Students participating in in-person extracurricular activities need both shots sooner, by the end of October. The resolution mentions “qualified and approved exemptions” but does not offer details.
Initial data on infections at Los Angeles schools this academic year has been reassuring. According to a Los Angeles Times tracker based on district data, 1,385 active Covid-19 cases had been identified at schools as of Tuesday; four were linked to on-campus transmissions, and a single school had a campus outbreak.
Like many districts, Los Angeles Unified has been operating vaccine clinics in schools. It has the nation’s broadest school testing program, screening all students and staff members for infection weekly. Masks are required for every individual on campus, indoors and outdoors, and staff members must be vaccinated, with limited exceptions for serious medical conditions and sincerely held religious beliefs.
The four-month timeline before proof of vaccination is required on Jan. 10 would allow the district to partner with community organizations, clinics and doctors’ offices to reach approximately 80,000 students who are eligible for vaccination but have not been inoculated, Mr. Melvoin said. The district might knock on doors, in an effort similar to the one encouraging families to fill out the U.S. census.
The task will be logistically complicated in a large, sprawling district like Los Angeles. And while not every eligible student will be fully vaccinated by Christmas, the timing of the required first and second shots should allow students to gain at least some protection against the virus before the holiday season, when cases surged last year.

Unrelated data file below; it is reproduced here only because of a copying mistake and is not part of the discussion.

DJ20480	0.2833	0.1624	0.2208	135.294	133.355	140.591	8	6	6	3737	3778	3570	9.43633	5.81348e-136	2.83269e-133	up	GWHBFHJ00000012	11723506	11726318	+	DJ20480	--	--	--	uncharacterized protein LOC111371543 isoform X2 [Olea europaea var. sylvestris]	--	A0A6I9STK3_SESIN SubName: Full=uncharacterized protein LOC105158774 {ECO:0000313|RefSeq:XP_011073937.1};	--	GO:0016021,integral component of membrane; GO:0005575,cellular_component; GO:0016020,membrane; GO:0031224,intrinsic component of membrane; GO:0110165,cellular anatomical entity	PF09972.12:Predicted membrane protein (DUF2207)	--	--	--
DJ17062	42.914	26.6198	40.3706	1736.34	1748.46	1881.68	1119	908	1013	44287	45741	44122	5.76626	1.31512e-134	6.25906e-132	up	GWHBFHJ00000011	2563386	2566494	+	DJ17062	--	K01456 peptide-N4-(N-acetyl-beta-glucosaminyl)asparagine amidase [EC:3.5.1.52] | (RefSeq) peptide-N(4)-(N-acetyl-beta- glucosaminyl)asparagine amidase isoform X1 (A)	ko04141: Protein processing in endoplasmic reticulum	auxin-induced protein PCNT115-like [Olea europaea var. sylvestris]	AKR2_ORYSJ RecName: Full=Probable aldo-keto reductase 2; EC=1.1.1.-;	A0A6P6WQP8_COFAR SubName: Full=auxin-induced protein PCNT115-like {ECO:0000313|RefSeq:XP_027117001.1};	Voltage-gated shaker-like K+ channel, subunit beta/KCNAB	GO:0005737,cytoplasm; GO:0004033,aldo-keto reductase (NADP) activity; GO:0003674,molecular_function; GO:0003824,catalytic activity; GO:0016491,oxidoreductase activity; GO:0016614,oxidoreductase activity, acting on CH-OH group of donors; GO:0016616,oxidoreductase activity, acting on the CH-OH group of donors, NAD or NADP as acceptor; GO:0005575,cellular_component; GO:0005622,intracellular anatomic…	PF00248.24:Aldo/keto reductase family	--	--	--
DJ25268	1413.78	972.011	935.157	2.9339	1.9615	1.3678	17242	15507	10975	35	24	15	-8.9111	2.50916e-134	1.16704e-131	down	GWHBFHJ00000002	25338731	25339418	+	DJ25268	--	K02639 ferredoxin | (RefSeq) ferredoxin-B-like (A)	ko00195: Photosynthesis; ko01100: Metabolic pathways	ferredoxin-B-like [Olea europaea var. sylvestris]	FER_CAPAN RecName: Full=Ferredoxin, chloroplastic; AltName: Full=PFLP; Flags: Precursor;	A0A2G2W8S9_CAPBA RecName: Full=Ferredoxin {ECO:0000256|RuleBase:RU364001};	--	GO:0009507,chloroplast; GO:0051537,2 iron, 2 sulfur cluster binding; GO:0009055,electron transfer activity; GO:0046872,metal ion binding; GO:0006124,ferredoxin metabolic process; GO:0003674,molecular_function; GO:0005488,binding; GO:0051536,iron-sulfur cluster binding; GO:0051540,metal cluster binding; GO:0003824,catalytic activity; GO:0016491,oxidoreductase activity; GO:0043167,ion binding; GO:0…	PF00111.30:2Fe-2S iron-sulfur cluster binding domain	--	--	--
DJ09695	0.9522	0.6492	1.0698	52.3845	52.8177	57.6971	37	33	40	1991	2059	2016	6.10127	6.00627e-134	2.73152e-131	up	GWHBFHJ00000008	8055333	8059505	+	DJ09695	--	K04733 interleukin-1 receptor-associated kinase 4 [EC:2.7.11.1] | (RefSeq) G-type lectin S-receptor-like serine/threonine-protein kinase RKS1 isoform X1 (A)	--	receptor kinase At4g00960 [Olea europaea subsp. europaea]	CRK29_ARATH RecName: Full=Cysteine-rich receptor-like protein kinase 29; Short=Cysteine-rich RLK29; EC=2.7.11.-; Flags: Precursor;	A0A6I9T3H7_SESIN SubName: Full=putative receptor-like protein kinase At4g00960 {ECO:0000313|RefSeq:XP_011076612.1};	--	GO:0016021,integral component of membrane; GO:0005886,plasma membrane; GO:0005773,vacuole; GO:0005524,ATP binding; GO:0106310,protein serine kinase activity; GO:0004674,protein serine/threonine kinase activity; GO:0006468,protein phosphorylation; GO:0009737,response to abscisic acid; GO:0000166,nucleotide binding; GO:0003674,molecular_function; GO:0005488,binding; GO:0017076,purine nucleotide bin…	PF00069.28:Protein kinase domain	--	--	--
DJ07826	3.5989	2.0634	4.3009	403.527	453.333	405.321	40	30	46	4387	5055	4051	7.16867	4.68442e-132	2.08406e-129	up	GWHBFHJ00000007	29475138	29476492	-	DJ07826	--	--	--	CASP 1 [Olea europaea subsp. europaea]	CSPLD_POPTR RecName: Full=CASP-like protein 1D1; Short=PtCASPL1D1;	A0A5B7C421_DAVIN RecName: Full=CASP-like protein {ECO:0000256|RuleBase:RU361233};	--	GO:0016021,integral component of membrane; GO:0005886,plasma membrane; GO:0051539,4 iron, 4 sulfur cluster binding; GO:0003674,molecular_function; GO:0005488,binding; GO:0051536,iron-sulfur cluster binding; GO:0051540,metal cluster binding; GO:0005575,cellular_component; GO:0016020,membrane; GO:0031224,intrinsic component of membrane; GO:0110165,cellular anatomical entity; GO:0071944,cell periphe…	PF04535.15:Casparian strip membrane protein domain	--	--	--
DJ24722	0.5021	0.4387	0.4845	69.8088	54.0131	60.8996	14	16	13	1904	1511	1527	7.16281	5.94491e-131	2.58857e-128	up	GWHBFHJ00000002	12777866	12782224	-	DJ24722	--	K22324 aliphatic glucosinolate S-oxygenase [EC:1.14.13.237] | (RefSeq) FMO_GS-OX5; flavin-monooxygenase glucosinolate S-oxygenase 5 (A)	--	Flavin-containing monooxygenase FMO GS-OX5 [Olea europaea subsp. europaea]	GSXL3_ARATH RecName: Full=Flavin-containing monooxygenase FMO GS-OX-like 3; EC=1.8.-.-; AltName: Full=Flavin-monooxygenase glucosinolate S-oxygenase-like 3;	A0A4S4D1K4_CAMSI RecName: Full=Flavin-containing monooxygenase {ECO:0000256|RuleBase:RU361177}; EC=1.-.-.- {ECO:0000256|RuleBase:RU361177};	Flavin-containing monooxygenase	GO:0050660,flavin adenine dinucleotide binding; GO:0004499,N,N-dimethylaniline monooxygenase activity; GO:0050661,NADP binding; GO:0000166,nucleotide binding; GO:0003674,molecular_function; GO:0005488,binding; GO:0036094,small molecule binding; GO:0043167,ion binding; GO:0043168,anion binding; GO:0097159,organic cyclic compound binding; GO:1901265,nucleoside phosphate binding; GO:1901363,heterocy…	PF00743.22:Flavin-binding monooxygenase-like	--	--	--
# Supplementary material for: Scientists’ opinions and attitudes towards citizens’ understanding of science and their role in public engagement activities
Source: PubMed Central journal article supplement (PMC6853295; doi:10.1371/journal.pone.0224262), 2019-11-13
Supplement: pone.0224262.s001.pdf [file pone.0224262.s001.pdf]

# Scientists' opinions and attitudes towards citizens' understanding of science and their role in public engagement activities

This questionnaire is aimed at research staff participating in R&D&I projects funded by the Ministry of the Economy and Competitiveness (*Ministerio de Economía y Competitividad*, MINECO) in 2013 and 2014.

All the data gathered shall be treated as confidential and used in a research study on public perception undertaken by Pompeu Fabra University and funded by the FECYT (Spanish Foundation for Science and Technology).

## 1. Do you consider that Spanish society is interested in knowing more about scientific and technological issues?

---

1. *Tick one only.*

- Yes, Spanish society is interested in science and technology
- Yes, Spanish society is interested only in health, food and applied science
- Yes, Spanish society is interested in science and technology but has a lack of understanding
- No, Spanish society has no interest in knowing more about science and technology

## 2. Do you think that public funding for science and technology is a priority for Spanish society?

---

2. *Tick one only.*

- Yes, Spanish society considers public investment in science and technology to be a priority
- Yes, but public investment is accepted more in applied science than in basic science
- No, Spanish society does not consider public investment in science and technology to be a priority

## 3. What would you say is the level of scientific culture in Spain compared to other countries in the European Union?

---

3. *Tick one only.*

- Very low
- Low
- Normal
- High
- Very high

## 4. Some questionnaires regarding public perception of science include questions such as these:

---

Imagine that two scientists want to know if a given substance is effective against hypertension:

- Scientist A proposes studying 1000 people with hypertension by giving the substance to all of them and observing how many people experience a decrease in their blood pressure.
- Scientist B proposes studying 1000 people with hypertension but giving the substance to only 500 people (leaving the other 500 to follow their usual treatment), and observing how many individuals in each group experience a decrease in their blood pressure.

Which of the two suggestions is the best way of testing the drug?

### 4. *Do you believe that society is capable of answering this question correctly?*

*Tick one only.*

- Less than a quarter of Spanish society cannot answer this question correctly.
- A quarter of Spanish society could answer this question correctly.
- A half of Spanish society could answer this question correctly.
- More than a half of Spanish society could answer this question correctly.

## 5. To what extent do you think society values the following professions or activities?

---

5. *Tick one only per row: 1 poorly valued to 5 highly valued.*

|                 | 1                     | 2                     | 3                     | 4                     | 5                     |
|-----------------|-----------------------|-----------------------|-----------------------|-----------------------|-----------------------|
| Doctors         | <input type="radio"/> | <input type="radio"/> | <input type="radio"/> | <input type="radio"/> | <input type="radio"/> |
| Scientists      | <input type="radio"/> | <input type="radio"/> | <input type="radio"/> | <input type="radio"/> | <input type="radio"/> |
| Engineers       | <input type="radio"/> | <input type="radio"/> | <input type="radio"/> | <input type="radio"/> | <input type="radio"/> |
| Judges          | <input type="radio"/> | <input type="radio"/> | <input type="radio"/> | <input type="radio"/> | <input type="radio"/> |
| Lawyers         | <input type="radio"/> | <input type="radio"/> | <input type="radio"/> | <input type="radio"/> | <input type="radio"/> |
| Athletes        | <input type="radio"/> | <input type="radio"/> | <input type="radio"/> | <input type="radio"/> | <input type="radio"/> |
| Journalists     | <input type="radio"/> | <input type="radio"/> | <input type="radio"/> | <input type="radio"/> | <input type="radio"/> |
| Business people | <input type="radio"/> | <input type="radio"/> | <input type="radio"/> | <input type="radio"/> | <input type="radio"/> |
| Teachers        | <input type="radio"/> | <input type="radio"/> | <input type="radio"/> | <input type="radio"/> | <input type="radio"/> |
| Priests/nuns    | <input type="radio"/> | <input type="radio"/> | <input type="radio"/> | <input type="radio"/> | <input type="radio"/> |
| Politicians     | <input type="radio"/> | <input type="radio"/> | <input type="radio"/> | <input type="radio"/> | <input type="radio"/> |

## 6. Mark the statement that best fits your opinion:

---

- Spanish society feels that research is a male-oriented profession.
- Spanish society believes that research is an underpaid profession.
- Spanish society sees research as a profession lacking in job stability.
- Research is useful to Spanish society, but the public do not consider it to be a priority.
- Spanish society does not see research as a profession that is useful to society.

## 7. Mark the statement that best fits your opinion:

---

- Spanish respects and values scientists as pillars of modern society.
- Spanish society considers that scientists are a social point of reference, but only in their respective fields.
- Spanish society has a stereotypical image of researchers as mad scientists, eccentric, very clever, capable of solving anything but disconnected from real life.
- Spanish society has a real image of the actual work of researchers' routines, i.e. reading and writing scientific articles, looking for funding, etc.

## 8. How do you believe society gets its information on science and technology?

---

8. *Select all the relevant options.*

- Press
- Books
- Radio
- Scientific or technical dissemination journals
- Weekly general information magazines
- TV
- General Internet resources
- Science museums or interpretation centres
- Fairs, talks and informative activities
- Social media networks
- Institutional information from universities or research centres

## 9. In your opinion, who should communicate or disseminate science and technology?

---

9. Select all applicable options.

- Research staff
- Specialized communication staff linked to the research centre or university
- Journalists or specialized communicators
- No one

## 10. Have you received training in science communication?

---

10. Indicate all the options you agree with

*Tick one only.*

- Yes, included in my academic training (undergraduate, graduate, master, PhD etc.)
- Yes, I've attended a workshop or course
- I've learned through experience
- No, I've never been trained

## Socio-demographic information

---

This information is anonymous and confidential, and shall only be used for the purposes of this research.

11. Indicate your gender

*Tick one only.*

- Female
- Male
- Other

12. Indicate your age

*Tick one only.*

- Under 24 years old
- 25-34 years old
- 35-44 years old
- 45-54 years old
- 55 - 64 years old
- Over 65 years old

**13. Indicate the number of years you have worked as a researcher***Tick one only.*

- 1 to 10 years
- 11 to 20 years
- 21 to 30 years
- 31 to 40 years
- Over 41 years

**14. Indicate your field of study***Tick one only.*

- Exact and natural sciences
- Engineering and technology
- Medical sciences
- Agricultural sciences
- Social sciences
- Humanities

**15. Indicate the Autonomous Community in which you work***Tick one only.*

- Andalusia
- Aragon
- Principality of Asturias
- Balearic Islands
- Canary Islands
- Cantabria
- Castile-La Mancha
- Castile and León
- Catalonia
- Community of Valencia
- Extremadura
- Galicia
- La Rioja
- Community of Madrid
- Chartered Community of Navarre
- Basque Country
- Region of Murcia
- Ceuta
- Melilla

“We did not want to set the district up for failure by setting a deadline that had to be pushed back,” Mr. Melvoin said.
A key constituency supporting a student vaccine mandate is the city’s teachers’ union, United Teachers Los Angeles. The group has pushed for stringent safety measures throughout the pandemic and, during the previous academic year, a longer period of remote learning. The union continues to ask for more aggressive quarantines for those exposed to the virus.
“With so many educators being parents as well, we understand that many questions and concerns exist around the vaccine,” Cecily Myart-Cruz, the union president, said in a statement. “But these questions should not take away from the critical step that will keep our schools safer and help protect the most vulnerable among us, including children too young to be vaccinated.”
Both the union and district said they did not have data on the percentage of staff members who have been vaccinated ahead of the district’s Oct. 15 deadline.